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Template:Chembox header | Stilbene
Template:Chembox header | General
Systematic name trans-1,2-diphenylethylene


Other Names (E)-stilbene
Molecular formula C14H12
SMILES c1(/C=C/c2ccccc2)ccccc1
Molar mass 180.24928 g/mol
Appearance Solid
Color white - slightly beige
CAS number 103-30-0
Template:Chembox header | Properties
Solubility in water practically insoluble
Melting point 122°C - 125°C
Boiling point 305°C - 307°C
Flash Point >112°C
Template:Chembox header | Hazards
MSDS External MSDS
Template:Chembox header | Except where noted otherwise, data are given for
materials in their standard state (at 25°C, 100 kPa)
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Officially known as trans-1,2-diphenylethylene, aka, stilbene, or more specifically, (E)-stilbene, is the alkene, ethene with two phenyl groups on either carbon of the parent chain. The name was derived from the Greek word stilbos, which means shining. It should also be noted, there is also a (Z)-stilbene which is sterically hindered and less stable because of it. Also notice that (Z)-stilbene has a melting point of 5°C to 6°C, while the melting point of (E)-stilbene is in the 125°C area, this illustrates the significant differences between the two. Because (E)-stilbene is so much more common than (Z)-stilbene, this page will focus only on (E)-stilbene.

Its risk and safety phrases are:

Uses of Stilbene

Stilbene is used in manufacture of dyes and optical brighteners, and also as a phosphor and a scintillator.

Stilbene is one of the gain mediums used in dye lasers.

Many stilbene derivates (stilbenoids) are present naturally in plants. An example is resveratrol and its cousin, pterostilbene.

Stilbene Reactions

Halogenation of Stilbene

Simple hydrocarbons are relatively unreactive. In order to form more complex molecules, it is generally necessary to introduce more reactive functional groups. Alkenes (olefins) containing the carbon-carbon double bond may be halogenated to form alkyl halides, which are more capable of undergoing further chemical reactions.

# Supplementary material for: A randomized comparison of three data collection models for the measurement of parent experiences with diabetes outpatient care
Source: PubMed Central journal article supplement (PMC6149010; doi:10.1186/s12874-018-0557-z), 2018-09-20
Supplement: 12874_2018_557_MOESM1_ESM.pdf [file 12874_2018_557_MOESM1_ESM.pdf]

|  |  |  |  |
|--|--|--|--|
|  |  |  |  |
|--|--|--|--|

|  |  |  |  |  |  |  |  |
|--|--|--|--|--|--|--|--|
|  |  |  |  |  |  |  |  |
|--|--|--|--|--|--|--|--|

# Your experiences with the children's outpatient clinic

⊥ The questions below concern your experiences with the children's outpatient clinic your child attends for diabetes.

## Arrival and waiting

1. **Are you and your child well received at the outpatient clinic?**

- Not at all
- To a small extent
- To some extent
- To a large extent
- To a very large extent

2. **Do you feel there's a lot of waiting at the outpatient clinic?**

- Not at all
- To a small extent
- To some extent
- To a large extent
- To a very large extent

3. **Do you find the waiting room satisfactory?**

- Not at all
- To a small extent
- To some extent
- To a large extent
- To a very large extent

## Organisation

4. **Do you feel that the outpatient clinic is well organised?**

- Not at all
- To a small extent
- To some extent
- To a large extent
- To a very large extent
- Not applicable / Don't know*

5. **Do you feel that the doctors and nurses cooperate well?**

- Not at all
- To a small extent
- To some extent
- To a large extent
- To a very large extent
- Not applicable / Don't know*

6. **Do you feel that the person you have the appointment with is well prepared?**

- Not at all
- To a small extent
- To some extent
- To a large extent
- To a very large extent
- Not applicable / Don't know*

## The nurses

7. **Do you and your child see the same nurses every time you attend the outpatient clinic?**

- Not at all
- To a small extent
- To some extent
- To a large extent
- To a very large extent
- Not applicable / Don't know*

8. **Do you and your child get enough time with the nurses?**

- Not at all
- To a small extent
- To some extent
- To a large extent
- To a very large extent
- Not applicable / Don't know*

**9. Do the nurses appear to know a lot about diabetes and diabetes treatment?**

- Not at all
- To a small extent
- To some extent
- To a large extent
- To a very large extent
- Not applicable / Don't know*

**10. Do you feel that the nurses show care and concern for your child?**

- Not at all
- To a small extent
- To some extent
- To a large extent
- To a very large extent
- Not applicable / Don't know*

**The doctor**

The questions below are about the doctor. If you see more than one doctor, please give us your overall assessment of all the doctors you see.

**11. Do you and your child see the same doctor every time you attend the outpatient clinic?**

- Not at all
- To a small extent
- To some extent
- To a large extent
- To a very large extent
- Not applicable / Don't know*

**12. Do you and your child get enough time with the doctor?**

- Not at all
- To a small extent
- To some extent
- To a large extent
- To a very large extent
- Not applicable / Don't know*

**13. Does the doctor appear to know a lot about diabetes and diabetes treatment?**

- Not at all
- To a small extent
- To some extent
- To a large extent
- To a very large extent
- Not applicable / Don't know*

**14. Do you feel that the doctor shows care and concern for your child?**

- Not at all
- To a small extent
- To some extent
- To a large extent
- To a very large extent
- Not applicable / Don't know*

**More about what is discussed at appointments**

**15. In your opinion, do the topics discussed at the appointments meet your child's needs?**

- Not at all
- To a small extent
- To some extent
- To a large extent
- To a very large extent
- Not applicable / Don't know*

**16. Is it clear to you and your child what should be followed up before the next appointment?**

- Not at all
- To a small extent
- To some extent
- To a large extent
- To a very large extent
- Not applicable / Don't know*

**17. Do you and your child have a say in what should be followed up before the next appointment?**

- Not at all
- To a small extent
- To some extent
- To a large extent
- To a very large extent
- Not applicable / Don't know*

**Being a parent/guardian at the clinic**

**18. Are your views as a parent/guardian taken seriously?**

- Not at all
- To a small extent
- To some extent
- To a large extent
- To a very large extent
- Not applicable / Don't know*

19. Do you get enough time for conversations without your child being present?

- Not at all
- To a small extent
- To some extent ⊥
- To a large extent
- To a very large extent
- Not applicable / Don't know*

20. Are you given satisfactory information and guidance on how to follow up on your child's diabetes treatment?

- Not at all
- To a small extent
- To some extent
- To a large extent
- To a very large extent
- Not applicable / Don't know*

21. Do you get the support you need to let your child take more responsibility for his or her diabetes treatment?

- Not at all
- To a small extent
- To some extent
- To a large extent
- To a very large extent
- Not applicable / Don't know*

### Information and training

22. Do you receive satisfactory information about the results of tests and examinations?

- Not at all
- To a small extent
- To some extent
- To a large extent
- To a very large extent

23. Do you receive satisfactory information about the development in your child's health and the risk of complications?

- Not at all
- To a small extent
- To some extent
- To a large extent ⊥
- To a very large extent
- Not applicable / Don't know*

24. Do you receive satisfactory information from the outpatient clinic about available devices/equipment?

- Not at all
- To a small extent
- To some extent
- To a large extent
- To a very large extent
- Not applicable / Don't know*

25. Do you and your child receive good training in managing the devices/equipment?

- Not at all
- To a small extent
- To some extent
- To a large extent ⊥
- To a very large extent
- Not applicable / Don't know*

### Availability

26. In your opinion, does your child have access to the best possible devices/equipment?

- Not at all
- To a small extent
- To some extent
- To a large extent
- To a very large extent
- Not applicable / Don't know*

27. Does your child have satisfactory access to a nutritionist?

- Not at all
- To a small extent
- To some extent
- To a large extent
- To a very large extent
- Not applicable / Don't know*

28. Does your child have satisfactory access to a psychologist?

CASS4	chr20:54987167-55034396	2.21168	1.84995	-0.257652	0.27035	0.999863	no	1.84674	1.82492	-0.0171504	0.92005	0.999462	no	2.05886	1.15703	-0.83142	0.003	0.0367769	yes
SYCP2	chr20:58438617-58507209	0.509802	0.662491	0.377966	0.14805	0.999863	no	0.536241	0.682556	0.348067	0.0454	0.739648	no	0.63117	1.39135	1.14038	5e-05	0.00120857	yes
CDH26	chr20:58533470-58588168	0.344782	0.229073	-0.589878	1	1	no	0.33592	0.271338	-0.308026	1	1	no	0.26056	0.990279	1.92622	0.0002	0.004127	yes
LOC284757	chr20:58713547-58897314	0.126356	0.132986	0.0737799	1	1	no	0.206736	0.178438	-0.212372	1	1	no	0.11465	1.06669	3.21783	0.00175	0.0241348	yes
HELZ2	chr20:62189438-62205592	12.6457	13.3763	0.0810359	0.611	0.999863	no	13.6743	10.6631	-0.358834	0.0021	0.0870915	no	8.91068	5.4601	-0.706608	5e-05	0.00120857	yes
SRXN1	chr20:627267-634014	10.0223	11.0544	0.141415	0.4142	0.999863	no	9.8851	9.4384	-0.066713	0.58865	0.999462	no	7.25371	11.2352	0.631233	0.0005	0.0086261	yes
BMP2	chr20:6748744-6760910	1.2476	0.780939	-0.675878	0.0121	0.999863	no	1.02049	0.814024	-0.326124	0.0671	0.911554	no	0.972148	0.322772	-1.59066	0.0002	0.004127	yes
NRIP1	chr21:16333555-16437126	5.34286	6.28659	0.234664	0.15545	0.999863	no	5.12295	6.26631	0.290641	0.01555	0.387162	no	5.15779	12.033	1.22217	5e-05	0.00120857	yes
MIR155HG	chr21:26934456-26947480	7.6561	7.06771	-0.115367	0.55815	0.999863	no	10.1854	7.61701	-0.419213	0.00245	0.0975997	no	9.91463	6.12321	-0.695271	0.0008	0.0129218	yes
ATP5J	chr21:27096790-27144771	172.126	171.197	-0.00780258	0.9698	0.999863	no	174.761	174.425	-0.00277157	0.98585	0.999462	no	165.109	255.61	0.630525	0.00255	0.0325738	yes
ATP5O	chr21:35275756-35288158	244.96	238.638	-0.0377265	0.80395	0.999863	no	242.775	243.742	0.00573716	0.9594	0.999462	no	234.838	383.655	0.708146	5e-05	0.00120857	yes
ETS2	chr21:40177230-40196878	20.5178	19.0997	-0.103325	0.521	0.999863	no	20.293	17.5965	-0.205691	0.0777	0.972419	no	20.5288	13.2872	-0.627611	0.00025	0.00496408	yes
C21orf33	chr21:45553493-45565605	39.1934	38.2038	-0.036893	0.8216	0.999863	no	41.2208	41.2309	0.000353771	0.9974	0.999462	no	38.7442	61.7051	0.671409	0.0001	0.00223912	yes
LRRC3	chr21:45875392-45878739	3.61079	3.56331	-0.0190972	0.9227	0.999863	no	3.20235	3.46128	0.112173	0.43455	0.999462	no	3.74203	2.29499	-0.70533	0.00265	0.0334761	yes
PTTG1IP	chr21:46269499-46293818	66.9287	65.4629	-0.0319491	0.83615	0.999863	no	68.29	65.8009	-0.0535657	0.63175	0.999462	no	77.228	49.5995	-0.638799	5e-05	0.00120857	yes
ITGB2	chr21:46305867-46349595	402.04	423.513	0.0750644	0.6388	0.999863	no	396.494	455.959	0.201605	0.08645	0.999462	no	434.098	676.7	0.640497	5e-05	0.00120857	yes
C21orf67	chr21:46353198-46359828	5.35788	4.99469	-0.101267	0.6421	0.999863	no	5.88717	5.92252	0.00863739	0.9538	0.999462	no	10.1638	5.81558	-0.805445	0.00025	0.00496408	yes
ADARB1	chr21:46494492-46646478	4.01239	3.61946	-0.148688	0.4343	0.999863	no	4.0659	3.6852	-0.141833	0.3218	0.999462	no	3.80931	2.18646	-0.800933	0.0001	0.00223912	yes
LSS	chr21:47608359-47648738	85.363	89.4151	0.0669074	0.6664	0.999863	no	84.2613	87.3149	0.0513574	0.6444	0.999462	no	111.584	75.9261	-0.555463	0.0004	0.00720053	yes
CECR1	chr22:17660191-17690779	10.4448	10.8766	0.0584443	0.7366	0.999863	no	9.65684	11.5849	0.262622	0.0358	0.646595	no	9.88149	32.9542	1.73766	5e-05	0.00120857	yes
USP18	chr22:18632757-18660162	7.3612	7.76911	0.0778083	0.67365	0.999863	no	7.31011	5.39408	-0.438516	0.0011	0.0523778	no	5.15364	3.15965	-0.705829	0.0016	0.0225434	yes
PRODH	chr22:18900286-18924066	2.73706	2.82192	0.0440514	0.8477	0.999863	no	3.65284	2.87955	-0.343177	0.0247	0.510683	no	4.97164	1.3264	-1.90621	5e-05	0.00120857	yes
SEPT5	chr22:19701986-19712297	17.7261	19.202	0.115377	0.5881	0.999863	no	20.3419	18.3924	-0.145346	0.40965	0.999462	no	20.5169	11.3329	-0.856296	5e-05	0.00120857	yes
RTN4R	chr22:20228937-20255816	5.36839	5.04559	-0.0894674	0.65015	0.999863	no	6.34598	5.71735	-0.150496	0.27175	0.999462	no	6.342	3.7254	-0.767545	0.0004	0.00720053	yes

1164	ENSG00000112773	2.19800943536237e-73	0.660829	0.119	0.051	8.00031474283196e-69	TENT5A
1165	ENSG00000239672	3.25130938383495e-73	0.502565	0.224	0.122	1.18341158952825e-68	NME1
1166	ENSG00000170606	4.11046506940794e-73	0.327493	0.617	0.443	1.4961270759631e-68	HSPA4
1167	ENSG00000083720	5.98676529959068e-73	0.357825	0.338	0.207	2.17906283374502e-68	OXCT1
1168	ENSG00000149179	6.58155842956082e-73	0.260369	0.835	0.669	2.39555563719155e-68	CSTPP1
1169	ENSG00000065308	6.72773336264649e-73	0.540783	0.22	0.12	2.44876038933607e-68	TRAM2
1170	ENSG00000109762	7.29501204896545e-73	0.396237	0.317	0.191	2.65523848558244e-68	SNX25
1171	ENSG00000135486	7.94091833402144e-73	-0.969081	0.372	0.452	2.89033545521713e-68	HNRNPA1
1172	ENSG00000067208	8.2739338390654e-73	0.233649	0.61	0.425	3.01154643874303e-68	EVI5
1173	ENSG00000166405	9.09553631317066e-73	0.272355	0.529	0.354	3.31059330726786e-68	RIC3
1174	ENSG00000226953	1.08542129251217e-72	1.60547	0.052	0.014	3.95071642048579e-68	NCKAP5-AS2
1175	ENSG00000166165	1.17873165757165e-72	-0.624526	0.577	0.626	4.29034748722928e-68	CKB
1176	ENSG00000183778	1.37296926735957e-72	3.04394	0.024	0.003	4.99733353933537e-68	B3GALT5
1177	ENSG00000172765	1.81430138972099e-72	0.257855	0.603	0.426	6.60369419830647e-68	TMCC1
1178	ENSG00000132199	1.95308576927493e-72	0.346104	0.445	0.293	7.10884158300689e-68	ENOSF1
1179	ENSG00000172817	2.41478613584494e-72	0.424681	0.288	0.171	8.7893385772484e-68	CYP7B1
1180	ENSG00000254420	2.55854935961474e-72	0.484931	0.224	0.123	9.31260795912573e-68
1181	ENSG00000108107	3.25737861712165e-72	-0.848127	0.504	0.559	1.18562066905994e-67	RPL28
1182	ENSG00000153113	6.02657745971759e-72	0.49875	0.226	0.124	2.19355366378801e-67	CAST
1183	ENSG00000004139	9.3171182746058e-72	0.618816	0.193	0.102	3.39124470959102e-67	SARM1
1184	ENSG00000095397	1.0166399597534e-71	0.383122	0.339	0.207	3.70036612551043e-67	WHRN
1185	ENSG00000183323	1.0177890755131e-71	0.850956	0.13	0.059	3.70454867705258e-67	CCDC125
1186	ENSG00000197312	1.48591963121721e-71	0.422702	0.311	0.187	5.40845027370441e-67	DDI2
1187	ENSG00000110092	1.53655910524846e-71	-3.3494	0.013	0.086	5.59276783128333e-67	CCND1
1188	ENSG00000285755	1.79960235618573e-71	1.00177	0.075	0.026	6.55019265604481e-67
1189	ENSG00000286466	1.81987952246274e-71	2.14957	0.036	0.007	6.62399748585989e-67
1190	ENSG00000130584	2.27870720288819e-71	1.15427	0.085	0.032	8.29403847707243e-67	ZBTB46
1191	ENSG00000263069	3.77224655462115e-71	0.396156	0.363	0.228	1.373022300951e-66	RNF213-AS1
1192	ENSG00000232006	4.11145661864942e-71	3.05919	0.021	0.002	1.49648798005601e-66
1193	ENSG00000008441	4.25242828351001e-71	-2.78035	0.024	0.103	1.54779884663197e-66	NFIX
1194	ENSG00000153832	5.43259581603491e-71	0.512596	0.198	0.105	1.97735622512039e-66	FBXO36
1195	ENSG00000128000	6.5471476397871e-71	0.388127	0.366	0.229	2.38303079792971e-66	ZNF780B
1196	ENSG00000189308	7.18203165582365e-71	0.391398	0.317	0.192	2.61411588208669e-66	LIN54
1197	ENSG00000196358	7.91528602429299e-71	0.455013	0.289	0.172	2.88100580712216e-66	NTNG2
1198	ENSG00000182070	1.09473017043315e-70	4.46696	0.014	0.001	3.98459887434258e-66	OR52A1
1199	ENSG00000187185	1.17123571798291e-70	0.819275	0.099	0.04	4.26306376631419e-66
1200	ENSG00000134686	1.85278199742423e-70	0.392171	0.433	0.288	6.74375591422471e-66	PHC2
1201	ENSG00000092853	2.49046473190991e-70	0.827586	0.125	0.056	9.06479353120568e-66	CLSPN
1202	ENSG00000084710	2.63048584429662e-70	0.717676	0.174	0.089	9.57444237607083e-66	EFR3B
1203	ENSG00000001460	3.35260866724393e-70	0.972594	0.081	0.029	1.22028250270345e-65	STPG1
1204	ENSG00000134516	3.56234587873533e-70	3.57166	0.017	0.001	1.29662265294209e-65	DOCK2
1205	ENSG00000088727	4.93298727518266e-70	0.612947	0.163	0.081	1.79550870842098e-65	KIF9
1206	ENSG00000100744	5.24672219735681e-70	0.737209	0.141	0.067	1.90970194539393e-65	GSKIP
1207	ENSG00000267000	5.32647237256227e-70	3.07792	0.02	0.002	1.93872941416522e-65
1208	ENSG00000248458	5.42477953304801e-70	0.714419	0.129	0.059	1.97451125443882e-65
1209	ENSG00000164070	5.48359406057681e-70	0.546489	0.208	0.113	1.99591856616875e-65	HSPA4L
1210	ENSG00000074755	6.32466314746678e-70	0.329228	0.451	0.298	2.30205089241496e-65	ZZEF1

An example of halogenation is the bromination of (E)-stilbene. Bromine is somewhat of a special case due in no small part, to its relatively enormous size compared to carbon. Since elemental bromine (Br2) is volatile and highly corrosive, pyridinium tribromide is commonly used to generate Br2 in situ.

Green halogenation

To green this reaction, the pyridinium tribromide in situ generation of Br2 is replaced with hydrobromic acid, which is oxidized by hydrogen peroxide(H2O2).

2HBr + H2O2 → Br2 + 2H2O

In either case the halogenation of stilbene is as follows; as seen in the first reaction, the Br-Br bond attracts the attention of the π-bonding electrons (π-bonds being e- dense and Br being very electronegative), this leads to a weakening and eventual break (heat, plays a crucial role in driving the break forward) of the π-bond. Once the π-bond has been broken, its electrons are transferred to Br2, causing the Br-Br bond to be severed when the bonding electrons are transferred to the other bromine. At this stage there is the positively charged intermediate and the loose bromine ion (Br-), coming from the opposite direction as the Br2, the Br- loosens one of the C-Br Bonds, leaving the final brominated product.

It doesn't matter which stilbene is used for this reaction, (E)-stilbene and (Z)-stilbene will both produce 1,2-dibromo-1,2-diphenylethane. However, bromination of the (Z) isomer results in a racemic mixture of dl stilbene dibromide, while the bromination of an (E) isomer results in a majority meso-stilbene dibromide along with minor amounts of the dl enantiomers. The minor dl product in the bromination of (E)-stilbene is a result of resonance in the bromonium bridge intermediate, where a positive charge is located on one of the two bridge carbons, thus allowing for a syn-addition of a bromine anion.

Photochemical reaction

trans-stilbene isomerizes to cis-stilbene under the influence of light. The reverse path can be induced by heat or light.

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